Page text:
## Tesi etd-09012015-204712 |

Thesis type

Tesi di laurea magistrale

Author

CUSUMANO, STEFANO

URN

etd-09012015-204712

Title

Thermodynamics and correlations in quantum cascade systems

Struttura

FISICA

Corso di studi

FISICA

Commissione

**relatore**Prof. Giovannetti, Vittorio

Parole chiave

- thermodynamics
- quantum physics
- cascade systems
- open systems
- correlations

Data inizio appello

23/09/2015;

Consultabilità

completa

Riassunto analitico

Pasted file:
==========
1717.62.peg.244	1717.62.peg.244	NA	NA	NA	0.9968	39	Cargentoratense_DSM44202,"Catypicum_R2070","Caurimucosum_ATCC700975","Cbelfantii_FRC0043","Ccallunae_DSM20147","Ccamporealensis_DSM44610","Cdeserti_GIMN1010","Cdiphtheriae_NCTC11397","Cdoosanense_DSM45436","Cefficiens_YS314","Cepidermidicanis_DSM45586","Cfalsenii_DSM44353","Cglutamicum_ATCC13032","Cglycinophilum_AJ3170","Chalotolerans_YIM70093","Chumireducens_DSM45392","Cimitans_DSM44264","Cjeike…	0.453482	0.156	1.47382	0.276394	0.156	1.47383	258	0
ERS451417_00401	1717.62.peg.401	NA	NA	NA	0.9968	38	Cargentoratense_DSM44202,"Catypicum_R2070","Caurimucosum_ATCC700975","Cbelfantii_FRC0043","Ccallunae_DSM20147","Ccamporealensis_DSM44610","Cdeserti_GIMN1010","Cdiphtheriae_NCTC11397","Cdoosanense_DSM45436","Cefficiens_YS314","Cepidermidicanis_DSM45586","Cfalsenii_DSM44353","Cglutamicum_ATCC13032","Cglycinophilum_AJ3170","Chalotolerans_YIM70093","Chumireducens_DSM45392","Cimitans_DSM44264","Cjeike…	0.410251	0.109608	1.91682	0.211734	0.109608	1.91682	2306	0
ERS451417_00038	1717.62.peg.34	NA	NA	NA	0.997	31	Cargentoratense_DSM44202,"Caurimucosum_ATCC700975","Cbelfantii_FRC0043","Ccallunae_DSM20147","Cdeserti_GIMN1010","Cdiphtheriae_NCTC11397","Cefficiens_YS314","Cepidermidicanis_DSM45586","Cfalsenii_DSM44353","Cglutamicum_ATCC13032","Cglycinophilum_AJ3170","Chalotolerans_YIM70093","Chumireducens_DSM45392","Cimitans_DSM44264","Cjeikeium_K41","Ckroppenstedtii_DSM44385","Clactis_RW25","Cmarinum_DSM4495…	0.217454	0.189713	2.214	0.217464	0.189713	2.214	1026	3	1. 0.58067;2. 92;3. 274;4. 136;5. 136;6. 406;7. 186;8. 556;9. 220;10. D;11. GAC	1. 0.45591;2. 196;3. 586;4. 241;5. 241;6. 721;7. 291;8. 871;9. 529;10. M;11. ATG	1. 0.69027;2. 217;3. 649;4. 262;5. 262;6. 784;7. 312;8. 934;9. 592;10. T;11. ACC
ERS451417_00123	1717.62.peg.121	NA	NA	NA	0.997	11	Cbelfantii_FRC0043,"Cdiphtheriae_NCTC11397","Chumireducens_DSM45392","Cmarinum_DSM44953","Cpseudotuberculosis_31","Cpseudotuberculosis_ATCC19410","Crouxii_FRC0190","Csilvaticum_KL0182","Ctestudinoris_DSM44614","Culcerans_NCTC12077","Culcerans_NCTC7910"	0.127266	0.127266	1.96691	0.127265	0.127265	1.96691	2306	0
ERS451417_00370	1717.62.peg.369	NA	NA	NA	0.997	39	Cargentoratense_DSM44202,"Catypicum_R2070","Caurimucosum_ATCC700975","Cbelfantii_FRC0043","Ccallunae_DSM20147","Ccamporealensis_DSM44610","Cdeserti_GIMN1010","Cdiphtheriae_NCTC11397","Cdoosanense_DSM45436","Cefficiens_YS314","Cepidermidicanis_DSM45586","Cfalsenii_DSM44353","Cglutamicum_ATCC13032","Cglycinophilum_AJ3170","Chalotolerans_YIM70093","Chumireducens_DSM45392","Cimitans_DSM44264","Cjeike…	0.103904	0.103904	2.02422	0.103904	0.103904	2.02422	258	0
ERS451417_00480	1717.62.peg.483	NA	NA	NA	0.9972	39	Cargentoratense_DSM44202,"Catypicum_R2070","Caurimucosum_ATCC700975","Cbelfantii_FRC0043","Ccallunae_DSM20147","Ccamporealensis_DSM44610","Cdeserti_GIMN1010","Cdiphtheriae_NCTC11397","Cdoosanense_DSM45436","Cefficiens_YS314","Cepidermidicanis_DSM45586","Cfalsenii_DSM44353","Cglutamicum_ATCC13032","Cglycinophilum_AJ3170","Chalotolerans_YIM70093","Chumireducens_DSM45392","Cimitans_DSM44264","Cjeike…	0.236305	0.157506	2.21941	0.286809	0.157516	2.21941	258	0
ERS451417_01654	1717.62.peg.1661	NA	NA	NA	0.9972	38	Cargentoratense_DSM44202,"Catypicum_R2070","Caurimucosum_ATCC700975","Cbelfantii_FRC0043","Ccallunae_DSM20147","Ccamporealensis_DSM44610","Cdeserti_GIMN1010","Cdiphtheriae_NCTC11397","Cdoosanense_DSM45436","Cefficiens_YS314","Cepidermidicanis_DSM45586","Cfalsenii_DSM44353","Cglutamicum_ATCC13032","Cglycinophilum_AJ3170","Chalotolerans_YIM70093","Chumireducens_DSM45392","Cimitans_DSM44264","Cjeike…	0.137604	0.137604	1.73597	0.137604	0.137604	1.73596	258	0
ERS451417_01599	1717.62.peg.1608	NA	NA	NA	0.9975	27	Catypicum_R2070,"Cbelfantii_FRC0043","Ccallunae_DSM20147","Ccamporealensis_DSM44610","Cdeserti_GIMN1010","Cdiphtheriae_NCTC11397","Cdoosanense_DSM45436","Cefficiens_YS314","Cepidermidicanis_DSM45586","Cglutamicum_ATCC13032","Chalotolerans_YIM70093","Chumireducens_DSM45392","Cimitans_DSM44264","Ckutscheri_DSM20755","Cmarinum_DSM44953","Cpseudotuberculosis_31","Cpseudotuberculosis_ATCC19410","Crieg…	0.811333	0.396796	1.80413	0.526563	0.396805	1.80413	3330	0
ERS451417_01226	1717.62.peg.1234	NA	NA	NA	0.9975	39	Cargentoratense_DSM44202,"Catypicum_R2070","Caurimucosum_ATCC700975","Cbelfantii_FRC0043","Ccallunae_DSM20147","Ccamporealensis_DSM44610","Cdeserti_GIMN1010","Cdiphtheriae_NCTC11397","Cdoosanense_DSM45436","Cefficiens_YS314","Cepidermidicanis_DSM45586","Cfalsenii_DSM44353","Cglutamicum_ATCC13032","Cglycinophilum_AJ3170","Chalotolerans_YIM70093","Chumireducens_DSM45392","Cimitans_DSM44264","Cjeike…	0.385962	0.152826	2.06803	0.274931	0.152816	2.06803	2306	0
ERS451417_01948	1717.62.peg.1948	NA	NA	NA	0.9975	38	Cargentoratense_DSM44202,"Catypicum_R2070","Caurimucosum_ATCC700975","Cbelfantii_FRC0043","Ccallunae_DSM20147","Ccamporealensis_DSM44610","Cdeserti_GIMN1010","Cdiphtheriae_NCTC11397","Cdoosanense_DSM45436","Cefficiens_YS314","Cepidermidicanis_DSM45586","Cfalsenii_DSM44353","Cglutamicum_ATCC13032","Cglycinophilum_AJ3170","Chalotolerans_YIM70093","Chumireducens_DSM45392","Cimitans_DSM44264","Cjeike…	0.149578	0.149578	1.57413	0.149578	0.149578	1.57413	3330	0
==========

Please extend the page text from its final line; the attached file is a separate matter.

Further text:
Interest in quantum cascaded systems first arose in the 80’, when new exotic<br>forms of light, like squeezed light, were discovered. This led to a strong demand<br>for a new quantum formalism able to describe the evolution of a total system in<br>which one subsystem is driven with the light from another quantum subsystem<br>(e.g. two atoms). Gardiner and Collet [15] and Charmichael [6] first developed<br>the so-called input-output formalism which allowed to describe the evolution<br>of the system’s operator through Langevin’s equations, and moreover led to<br>a standard method to derive from these equations a master equation for the<br>density matrix. This formalism has been subsequently developed for various<br>case of interests [14, 16], up to become a well-based theory presented in books<br>[17].<br>In recent years the interest towards cascaded system has undergone a revival<br>due to important application in quantum information theory and many-body<br>physics. In general quantum cascaded systems are studied in the wider context<br>of quantum open systems: while in the past the noise from an external environ-<br>ment was seen only as a detrimental feature causing decoherence [37], nowadays<br>it is considered as a tool to control system’s evolution [29, 34] in order to obtain<br>states of interest, like entangled states [24, 33] or particular many-body states<br>[32, 35].<br>In this thesis a quantum cascaded system composed of bosonic subsystems<br>will be studied, mainly focusing on his thermodynamics and on the correlations<br>arising during the evolution.<br>Thermodynamics has been since its dawn in the 19th a quite difficult sub-<br>ject: it started as a purely phenomenological science, until the atomic theory<br>became popular. It was then that Boltzmann made a first attempt to derive<br>thermodynamics entirely from classical mechanics. Even if his theory clarified<br>some points of thermodynamics, nonetheless it was still unsatisfactory from a<br>foundational point of view, because it relied on unproven assumptions like the<br>ergodicity postulate or the a priori probabilities hypothesis. Many other sci-<br>entists tried to solve this problem, but none of them gave a fully satisfactory<br>answer.<br>With the emergence of quantum theory the old image of a gas as a set of<br>balls in a box started to seem just a sketch of reality, so that many efforts were<br>given to establish the theory of quantum thermodynamics [18]. On one side it<br>is necessary to reconcile quantum mechanics and classical thermodynamics [36,<br>38], while on the other side the main thermodynamical quantities like work,<br>heat and entropy have to be redefined in the quantum framework [2–4, 22, 25].<br>Concerning cascaded systems the interest in thermodynamics is due to the<br>peculiar features that heat flux showed in the case of a quantum system com-<br>posed by two subsystem, as analyzed in [26], so that it is interesting to know<br>what happens if there are more subsystems, if the features remain unchanged<br>or they are sensible to the number of subsystems. Moreover one asks if it would<br>be possible to engineer these systems in order to create heat cells able to release<br>energy slower, faster or in another desired way. Moreover it is interesting to see<br>if it is possible to create a heat interferometer with this kind of systems [19, 27].<br>The interest in correlations is mainly due the importance that they have<br>in several information theory protocols: it is well known that entanglement is<br>considered the main source for many quantum computation tasks [9, 10, 30],<br>and one of the most striking feature of quantum mechanics [37]. Many efforts<br>have been given all over the years to find methods for generating [24, 33, 35]<br>and distributing [5, 23] entangled states.<br>Moreover in recent years correlations have been analyzed in the new frame-<br>work of quantum discord [21, 31], a quantity that allows to measure all quantum<br>correlations of a state beyond entanglement. One of the most striking feature<br>of quantum discord is that while every entangled state has a non-null discord,<br>there exist non-entangled states also with non-zero discord [11, 13]. In recent<br>years several studies have been done to understand quantum discord [8, 12], to<br>define it operationally [7], to quantify it [28] and at least in some cases to find<br>closed formulas for its evaluation [1, 11, 20].<br>The first chapters of this thesis are focused on the basic arguments necessary<br>to understand the following chapters, such as open systems dynamics, cascaded<br>systems definition and Gaussian states. The last chapters are instead focused<br>on deriving and explaining all the results obtained about thermodynamics and<br>correlations. Here it is a detailed outline of the thesis.<br>In the second chapter a brief introduction about quantum mechanics and<br>open system dynamics is given. Dynamical semigroups and the concept of mas-<br>ter equation are introduced, together with the assumptions usually made in the<br>analysis of such systems.<br>The third chapter is focused on cascade systems, how they are defined and<br>which are the physical assumption made. The collisonal model used to find the<br>master equation is explained, and then the master equation is derived under<br>different physical assumptions.<br>Chapter four deals with Gaussian states and the formalism used to describe<br>them. The covariance matrix formalism is introduced and the dynamics of the<br>covariance matrix is derived through the master equation.<br>In the fifth chapter the thermodynamics of the system is analyzed, focusing<br>on the behaviour of the heat flux. First all the quantities used, such as heat<br>flux and transferred heat, are defined. Then, using the master equation, it is<br>studied how heat flux is affected by the system’s characteristics, like the number<br>of subsystems or their temperature.<br>Fynally in the sixth chapter correlations in the system are studied, observing<br>how they can arise during the transient dynamics. All the necessary formulas<br>to compute the amount of correlations in the system are explained and then<br>correlations dynamics is examined.<br><br>References<br>1. G. Adesso, A. Datta, Phys. Rev. Lett. 105, 030501 (2010).<br>2. R. Alicki, Journal of Physics A: Mathematical and General 12, L103<br>(1979).<br>3. J. Anders, V. Giovannetti, New Journal of Physics 15, 033022 (2013).<br>4. F. Binder, S. Vinjanampathy, K. Modi, J. Goold, Phys. Rev. E 91, 032119<br>(2015).<br>5. H.-J. Briegel, W. Dür, J. I. Cirac, P. Zoller, Phys. Rev. Lett. 81, 5932–5935<br>(1998).<br>6. H. J. Carmichael, Phys. Rev. Lett. 70, 2273–2276 (1993).<br>7. D. Cavalcanti et al., Phys. Rev. A 83, 032324 (2011).<br>8. F. Ciccarello, V. Giovannetti, Phys. Rev. A 85, 022108 (2012).<br>9. R. Cleve, H. Buhrman, Phys. Rev. A 56, 1201–1204 (1997).<br>10. R. Cleve, D. Gottesman, H.-K. Lo, Phys. Rev. Lett. 83, 648–651 (1999).<br>11. B. Dakić, V. Vedral, Č. Brukner, Phys. Rev. Lett. 105, 190502 (2010).<br>12. B. Dakič et al., Nat. Phys. 8, 666–670 (2012).<br>13. A. Ferraro, L. Aolita, D. Cavalcanti, F. M. Cucchietti, A. Acín, Phys. Rev.<br>A 81, 052318 (2010).<br>14. C. W. Gardiner, Phys. Rev. Lett. 70, 2269–2272 (1993).<br>15. C. W. Gardiner, M. J. Collett, Phys. Rev. A 31, 3761–3774 (1985).<br>16. C. W. Gardiner, A. S. Parkins, Phys. Rev. A 50, 1792–1806 (1994).<br>17. C. W. Gardiner, P. Zoller, Quantum Noise, ed. by Springer.<br>18. J. Gemmer, M. Michel, G. Mahler, Quantum Thermodynamics, ed. by<br>Springer, vol. 784.<br>19. F. Giazotto, M. J. Martìnez-Pérez, Nature 492, 401–405 (2012).<br>20. P. Giorda, M. G. A. Paris, Phys. Rev. Lett. 105, 020503 (2010).<br>21. L. Henderson, V. Vedral, Journal of Physics A: Mathematical and General<br>34, 6899 (2001).<br>22. M. Horodecki, J. Oppenheim, Nat. Comm. 4, 2059 (2013).<br>23. B. Kraus, J. I. Cirac, Phys. Rev. Lett. 92, 013602 (2004).<br>24. H. Krauter et al., Phys. Rev. Lett. 107, 080503 (2011).<br>25. S. Lloyd, Nat. 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